PS: These numbers are just for fun, don't bash the actual performance you'd get from 3072x830MHz vs 1x2549760MHz... xDDD

Myomyomyo.
Offline princec

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« Reply #12 - Posted 2011-10-18 15:04:59 »

Multi-core kinda sucks. It'll probably always be horribly inefficient. What we want is software-configurable parallel architectures and a language that can cope. That is something like transputers. Imagine a grid of 16x16 ARM cores each with their own local memory and DMA as well as access to the "global memory" pool where you could specify in the OS how you wanted to pipe data between them.

Cas Smiley

Offline delt0r

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« Reply #13 - Posted 2011-10-18 15:17:00 »

I was assuming something like transputers with 512 cores. aka something more like the connection machine. We are talking about a decade and a half. No one is going to remember what a quad core even is by then. 

I have no special talents. I am only passionately curious.--Albert Einstein
Offline theagentd
« Reply #14 - Posted 2011-10-18 15:45:09 »

I'm not saying it's good or efficient, just that it's the future. We need new tools/technologies suited for creating programs that can take advantage of multiple CPUs, or we won't be able to keep up with Moore's law much longer.

Myomyomyo.
Offline princec

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« Reply #15 - Posted 2011-10-18 16:00:45 »

I don't think multicore is going to scale that well in the long term. Past, say, 16 cores I suspect that trying to maintain coherence in a unified memory model is going to become increasingly the problem with the concept. What we need is NUMA and DMA and the ability to create pipelines.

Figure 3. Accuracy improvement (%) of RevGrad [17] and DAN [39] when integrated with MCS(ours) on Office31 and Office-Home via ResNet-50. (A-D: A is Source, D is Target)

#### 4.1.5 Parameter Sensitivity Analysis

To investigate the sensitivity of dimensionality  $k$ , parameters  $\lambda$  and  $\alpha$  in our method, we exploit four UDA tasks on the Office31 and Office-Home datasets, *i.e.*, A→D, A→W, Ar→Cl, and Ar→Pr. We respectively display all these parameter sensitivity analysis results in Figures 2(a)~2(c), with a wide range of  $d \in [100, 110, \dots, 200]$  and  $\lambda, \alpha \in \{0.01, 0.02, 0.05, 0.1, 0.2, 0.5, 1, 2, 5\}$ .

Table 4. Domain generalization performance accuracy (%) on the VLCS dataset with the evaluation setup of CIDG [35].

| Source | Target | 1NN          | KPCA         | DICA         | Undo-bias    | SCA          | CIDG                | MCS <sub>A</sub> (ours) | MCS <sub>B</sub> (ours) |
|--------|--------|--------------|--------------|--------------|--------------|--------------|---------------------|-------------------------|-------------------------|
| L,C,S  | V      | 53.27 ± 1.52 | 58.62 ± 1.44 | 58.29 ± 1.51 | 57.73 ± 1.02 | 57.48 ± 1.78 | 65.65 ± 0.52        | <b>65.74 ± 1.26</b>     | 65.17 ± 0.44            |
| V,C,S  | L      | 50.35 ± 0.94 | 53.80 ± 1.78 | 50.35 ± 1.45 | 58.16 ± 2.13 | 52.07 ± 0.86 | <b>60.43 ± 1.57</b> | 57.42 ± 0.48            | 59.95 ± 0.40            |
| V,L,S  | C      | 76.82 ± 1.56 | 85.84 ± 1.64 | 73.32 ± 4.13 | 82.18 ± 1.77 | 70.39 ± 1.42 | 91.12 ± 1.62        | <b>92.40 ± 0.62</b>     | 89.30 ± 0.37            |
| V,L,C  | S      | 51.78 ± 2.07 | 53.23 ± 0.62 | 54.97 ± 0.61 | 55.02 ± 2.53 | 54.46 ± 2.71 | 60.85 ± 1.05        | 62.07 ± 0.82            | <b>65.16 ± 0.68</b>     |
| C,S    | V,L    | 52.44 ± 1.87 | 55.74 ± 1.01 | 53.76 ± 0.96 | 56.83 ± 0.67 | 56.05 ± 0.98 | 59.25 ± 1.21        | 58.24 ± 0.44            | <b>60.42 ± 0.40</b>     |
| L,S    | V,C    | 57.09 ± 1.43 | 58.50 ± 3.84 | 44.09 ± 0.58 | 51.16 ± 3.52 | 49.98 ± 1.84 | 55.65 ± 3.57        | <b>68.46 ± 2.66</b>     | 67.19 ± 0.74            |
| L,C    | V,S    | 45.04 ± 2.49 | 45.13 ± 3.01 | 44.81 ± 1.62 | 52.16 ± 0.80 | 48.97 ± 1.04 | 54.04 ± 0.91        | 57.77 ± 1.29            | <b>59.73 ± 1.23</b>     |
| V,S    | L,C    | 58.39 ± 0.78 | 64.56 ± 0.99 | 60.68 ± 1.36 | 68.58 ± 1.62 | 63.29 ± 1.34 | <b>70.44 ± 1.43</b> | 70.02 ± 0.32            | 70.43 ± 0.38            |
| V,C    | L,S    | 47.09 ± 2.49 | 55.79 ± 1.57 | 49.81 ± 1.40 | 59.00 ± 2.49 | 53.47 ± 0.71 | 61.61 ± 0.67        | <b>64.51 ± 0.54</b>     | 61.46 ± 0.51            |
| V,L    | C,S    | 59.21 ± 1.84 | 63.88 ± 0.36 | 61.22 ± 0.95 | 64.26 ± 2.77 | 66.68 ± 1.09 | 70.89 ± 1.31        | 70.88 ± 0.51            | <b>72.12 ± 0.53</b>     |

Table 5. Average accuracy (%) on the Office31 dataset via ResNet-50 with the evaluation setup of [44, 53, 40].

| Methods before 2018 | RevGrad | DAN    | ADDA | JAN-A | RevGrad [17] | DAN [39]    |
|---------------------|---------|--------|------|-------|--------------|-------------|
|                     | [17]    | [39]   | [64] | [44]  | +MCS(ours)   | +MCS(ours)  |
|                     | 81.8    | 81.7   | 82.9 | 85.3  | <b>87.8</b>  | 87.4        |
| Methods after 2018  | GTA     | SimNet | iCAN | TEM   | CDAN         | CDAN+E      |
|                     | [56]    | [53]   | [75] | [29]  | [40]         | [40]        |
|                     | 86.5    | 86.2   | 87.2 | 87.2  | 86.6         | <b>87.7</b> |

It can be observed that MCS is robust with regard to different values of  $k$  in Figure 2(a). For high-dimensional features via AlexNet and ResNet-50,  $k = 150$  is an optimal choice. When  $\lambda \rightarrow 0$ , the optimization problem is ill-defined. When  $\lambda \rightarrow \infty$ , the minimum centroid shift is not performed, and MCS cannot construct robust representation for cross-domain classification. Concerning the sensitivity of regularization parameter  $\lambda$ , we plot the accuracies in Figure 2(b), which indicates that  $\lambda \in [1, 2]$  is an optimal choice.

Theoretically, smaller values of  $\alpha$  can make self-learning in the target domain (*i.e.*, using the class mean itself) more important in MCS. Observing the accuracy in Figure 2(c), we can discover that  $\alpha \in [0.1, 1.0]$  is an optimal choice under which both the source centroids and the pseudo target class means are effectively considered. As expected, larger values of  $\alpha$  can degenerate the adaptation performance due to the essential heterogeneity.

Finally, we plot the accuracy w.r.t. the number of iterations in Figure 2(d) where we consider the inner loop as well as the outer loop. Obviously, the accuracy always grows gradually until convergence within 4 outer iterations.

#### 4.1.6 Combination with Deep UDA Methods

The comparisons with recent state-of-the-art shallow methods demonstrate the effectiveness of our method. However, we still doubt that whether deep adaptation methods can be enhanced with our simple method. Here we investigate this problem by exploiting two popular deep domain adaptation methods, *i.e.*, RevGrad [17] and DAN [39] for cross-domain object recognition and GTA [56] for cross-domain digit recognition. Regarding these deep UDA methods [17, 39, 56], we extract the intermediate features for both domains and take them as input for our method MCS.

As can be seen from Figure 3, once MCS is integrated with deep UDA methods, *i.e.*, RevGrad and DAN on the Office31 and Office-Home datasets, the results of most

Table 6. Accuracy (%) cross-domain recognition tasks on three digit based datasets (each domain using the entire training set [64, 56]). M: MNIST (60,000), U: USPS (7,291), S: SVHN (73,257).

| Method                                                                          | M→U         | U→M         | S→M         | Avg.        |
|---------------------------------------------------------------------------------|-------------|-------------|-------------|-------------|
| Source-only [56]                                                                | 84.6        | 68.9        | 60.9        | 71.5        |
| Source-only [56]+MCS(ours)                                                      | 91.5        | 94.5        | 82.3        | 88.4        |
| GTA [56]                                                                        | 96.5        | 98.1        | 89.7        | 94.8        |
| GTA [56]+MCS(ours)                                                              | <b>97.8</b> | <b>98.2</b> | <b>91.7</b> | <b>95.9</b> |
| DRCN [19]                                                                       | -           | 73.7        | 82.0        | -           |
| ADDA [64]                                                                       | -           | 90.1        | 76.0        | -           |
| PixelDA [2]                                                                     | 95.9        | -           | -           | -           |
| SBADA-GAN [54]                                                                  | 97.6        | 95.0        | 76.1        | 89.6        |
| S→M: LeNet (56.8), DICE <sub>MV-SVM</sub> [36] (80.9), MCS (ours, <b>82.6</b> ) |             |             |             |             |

Cas Smiley

Offline delt0r

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« Reply #16 - Posted 2011-10-18 16:42:36 »

There has been a lot of theory work on this and things can in fact be pretty distributed with high locality and performance. Mainstream practice is a long way from it right now. But there has never been much need to take notice of the theory since SMP has worked so far. Soon they will take notice and you will see some impressive stuff. Just like we did on the connection machine or transputers for example. Don't assume that x86 in 2027 will look anything like a x86 in 2011. Graphics in particular will always go parallel pretty well.   

There is also just faster single core possibilities for that kind of time frame. But much faster than 4-10GHz and you really need to go asynchronous. Superconductor switches have switching speeds on the order of 10THz. Light can travel just 30 microns in that time. Add better power consumption scaling and/or diamond wafers and you really will see something indistinguishable from magic.

Note that the first multicore machine i programed had 16 cores back in 1996-7? (SGI) . I have four  16 core machines here in the office right now. Our cluster is 500 cores. We are having no problems keeping them all at a 100% and getting pretty close to theoretical performance. We also have a few CUDA power machines with teslas and up. Developing code for them is the bottle neck.

Many core programing is not new, there is just a lot of new people getting introduced to the idea.

I have officially derailed the thread. Sorry OP.  May I be spared from the thread lock hammer of the mods.

I have no special talents. I am only passionately curious.--Albert Einstein